Already in Greek and Roman antiquity a vibrant series of exchange relationships existed between the Mediterranean regions and China, including the Indian subcontinent, along well-defined routes we call the Silk Roads. Among the many goods that found their way from East to West and vice versa were glass, wine spices, metals and precious stones as well as textile raw materials and fabrics of wool and silk, a precious fibre that was highly appreciated in many of the cultures along the roads that were named after it by modern scholars.
These collected papers bring together current historical, philological and archaeological research from different areas and disciplines in order highlight the use, circulation and meaning of silk as a commodity, gift, tribute , booty, and status symbol in varying cultural and chronological contexts between East and West, including technological aspects of silk production. Rome and China in antiquity provide the geographical and chronological frame for this volume (c. from the third century BCE to the fifth century CE), but also earlier and later epochs and cultures in between these empires are considered in order to build and intercultural and diachronic understanding of long-distance relations that involved silk.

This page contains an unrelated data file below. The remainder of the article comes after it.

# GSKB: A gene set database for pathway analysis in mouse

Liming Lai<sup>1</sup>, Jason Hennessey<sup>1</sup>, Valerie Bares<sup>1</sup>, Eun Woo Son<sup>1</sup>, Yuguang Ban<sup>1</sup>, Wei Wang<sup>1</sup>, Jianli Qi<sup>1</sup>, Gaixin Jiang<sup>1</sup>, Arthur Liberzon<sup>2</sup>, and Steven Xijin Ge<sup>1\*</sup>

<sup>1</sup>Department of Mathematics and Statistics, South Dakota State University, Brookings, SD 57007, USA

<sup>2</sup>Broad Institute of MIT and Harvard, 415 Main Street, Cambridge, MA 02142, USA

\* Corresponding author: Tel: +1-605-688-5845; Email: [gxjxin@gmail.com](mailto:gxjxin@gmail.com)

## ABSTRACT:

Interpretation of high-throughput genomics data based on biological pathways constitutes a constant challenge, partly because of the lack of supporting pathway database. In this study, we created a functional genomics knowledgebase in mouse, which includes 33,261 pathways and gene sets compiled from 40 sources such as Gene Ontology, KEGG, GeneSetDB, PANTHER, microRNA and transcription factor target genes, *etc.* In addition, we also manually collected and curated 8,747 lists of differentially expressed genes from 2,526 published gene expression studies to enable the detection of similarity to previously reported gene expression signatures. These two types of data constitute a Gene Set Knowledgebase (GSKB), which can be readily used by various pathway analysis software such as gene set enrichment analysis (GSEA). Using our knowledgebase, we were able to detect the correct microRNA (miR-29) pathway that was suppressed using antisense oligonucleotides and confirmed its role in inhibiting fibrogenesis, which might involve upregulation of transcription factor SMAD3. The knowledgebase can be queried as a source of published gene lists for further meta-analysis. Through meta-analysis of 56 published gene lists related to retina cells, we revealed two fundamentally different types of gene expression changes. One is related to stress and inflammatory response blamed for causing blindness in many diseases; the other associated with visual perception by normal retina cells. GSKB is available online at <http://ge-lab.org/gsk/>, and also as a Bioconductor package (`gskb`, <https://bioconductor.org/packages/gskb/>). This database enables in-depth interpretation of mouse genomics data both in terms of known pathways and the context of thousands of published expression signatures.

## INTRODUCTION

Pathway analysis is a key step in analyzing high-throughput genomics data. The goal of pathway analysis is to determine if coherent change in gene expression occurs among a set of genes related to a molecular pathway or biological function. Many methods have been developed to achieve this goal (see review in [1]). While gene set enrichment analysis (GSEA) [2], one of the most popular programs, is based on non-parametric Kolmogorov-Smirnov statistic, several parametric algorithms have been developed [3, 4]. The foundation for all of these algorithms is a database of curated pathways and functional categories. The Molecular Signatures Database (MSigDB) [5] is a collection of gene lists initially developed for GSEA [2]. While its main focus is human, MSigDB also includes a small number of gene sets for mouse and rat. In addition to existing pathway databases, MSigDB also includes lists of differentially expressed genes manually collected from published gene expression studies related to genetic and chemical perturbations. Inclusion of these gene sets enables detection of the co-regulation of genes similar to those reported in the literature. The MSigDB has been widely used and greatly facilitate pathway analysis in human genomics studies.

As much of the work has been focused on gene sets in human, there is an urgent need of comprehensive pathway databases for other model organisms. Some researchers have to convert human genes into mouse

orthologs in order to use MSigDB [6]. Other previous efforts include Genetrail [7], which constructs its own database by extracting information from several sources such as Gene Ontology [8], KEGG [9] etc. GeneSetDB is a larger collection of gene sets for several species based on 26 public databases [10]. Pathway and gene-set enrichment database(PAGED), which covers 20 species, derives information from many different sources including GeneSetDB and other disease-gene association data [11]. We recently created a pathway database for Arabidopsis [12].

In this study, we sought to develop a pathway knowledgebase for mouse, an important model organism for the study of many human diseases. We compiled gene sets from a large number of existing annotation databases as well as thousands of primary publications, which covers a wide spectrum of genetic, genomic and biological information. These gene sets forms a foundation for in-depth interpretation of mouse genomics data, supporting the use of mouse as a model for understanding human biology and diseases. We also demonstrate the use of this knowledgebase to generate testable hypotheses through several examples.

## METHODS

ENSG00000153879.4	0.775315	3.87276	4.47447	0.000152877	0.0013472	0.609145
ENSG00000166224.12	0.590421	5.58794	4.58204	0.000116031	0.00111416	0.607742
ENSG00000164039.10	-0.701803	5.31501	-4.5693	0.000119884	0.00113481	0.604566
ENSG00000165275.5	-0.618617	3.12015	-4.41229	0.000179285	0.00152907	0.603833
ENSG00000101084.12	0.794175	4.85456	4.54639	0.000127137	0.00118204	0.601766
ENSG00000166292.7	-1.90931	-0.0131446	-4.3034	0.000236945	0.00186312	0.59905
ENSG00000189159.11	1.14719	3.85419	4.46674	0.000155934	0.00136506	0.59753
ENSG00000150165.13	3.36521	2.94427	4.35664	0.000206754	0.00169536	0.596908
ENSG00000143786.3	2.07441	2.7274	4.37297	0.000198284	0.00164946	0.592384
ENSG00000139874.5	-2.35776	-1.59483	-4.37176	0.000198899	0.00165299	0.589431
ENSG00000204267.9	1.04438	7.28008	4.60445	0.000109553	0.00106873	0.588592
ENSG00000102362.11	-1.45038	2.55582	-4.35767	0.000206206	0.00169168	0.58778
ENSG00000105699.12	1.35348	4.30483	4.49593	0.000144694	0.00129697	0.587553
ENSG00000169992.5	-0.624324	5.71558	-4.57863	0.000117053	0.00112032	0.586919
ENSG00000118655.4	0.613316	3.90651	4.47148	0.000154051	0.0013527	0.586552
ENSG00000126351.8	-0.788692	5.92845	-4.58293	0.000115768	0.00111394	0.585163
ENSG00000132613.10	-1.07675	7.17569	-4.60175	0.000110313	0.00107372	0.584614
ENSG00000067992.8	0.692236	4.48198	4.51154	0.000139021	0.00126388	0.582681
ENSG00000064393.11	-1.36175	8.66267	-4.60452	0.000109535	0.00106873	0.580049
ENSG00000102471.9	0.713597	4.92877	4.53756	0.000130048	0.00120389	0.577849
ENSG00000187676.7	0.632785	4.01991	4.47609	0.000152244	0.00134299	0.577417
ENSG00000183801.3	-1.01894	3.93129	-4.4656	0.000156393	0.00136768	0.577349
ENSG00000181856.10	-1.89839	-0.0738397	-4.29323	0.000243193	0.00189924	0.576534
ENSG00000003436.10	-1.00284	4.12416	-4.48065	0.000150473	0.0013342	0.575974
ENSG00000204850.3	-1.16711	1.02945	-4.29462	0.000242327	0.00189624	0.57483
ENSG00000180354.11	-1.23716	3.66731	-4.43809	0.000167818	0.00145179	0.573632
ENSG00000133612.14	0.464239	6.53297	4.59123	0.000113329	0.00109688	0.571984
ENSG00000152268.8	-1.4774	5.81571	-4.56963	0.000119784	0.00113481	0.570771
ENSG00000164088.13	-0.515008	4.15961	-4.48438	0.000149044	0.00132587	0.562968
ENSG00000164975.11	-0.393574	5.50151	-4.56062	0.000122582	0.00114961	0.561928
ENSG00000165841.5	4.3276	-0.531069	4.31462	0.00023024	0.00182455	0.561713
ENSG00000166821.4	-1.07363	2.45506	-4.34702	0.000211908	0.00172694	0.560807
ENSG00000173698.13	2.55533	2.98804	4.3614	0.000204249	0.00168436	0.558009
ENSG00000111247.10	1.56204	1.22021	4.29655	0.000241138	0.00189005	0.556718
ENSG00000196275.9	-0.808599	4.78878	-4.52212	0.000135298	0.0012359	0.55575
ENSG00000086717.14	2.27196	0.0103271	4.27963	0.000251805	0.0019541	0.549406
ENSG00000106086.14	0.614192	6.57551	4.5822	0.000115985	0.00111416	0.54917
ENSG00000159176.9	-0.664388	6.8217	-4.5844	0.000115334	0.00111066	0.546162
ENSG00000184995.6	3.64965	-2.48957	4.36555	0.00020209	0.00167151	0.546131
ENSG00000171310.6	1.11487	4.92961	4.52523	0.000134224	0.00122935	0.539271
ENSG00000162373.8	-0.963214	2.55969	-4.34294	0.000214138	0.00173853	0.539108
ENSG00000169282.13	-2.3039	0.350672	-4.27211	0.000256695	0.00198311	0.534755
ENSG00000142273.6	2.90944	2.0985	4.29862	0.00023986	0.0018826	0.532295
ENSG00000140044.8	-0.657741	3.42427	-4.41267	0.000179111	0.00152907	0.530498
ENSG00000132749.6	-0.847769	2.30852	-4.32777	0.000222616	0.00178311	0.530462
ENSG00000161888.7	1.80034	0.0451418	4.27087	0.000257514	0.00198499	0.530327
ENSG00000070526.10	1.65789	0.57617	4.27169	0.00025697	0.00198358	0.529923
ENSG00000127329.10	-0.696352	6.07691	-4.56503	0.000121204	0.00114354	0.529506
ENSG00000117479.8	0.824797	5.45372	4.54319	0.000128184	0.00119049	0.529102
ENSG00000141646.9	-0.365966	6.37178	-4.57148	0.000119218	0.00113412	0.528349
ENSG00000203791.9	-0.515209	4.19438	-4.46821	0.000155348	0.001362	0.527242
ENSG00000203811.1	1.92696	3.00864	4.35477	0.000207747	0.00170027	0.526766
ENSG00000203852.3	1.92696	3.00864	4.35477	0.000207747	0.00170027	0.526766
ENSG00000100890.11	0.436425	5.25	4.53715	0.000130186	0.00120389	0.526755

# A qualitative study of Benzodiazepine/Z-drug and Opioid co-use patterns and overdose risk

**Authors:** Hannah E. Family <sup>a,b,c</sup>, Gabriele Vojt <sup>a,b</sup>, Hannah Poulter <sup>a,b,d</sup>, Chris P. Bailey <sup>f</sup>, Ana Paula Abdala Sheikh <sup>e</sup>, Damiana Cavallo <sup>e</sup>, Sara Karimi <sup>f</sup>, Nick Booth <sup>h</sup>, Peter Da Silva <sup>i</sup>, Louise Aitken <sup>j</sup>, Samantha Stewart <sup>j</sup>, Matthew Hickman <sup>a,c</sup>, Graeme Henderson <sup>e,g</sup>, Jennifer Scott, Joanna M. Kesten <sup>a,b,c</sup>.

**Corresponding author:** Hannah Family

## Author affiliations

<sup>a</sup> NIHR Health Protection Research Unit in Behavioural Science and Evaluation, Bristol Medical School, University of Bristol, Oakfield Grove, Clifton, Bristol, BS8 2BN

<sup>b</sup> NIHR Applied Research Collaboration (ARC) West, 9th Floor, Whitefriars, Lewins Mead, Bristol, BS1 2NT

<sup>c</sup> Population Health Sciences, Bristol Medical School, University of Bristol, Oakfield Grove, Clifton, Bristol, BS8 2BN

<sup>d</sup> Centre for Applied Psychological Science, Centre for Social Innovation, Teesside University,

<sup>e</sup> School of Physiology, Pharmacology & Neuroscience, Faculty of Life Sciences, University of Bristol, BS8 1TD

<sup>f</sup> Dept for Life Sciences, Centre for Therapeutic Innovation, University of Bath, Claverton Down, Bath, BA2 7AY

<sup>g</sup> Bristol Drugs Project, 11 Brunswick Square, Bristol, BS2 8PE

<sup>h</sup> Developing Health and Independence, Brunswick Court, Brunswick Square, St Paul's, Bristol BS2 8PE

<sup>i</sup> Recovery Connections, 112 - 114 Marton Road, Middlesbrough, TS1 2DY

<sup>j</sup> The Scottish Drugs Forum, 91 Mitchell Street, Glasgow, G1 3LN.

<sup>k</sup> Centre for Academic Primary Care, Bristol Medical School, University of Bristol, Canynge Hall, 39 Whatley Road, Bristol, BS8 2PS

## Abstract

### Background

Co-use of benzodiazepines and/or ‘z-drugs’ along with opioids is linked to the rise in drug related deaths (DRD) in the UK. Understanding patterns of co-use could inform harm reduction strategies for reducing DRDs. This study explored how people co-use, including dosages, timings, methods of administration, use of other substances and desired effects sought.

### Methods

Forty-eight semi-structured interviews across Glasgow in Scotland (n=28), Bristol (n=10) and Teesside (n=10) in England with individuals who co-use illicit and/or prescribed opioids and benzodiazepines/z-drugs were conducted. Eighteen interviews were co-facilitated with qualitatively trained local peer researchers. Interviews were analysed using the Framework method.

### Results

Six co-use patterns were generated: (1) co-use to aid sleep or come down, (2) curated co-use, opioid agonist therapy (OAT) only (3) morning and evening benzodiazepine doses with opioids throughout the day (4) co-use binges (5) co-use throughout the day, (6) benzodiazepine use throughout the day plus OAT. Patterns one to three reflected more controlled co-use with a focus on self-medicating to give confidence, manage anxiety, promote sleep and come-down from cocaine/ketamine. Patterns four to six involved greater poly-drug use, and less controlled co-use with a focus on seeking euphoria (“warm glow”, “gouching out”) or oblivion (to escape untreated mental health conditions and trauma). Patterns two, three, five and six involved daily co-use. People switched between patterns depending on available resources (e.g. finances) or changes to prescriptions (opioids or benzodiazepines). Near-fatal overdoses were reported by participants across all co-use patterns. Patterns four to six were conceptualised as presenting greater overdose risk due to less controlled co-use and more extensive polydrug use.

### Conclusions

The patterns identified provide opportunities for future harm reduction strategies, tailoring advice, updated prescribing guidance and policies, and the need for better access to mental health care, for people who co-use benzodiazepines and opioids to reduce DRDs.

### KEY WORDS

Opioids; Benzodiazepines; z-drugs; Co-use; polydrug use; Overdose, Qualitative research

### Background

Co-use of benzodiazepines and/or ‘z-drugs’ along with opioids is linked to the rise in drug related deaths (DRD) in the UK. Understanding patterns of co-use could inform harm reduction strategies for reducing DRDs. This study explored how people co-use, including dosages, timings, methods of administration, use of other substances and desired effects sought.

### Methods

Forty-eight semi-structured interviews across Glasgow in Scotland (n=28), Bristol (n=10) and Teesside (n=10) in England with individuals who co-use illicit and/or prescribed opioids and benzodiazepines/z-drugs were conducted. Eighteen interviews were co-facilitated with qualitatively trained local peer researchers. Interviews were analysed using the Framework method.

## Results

Table of Contents:
Introduction: Silk on the Silk Roads. Exchange between East and West in Antiquity.
1. Looking towards the West – how the Chinese viewed the Romans
2. Textiles and Trade in South Asia during the Proto-Historic and Early Historic Period
J. Mark Kenoyer
3. Word migration on the Silk Road: the etymology of English silk and its congeners
4. Silk production and trade in the Roman Empire
5. Perspectives on the wide world of luxury in later Antiquity: silk and other exotic textiles found in Syria and Egypt
Thelma K. Thomas
6. Decoration, astrology and empire: inscribed silk from Niya in the Taklamakan Desert
Lillian Lan-ying Tseng
7. Domestic, wild or unravelled? A study on tabby, taqueté and jin with spun silk from Yingpan, Xinjiand, thierd-fourth centuries
8. Chinese silks that circulated among people north and west: implications for technological exchanges in early times?
Dr. Irene Lee Good (April 24 1958 – February 3 2013). An appreciation
Robert E. Murowchick, Angela Sheng and Kaoru Ueda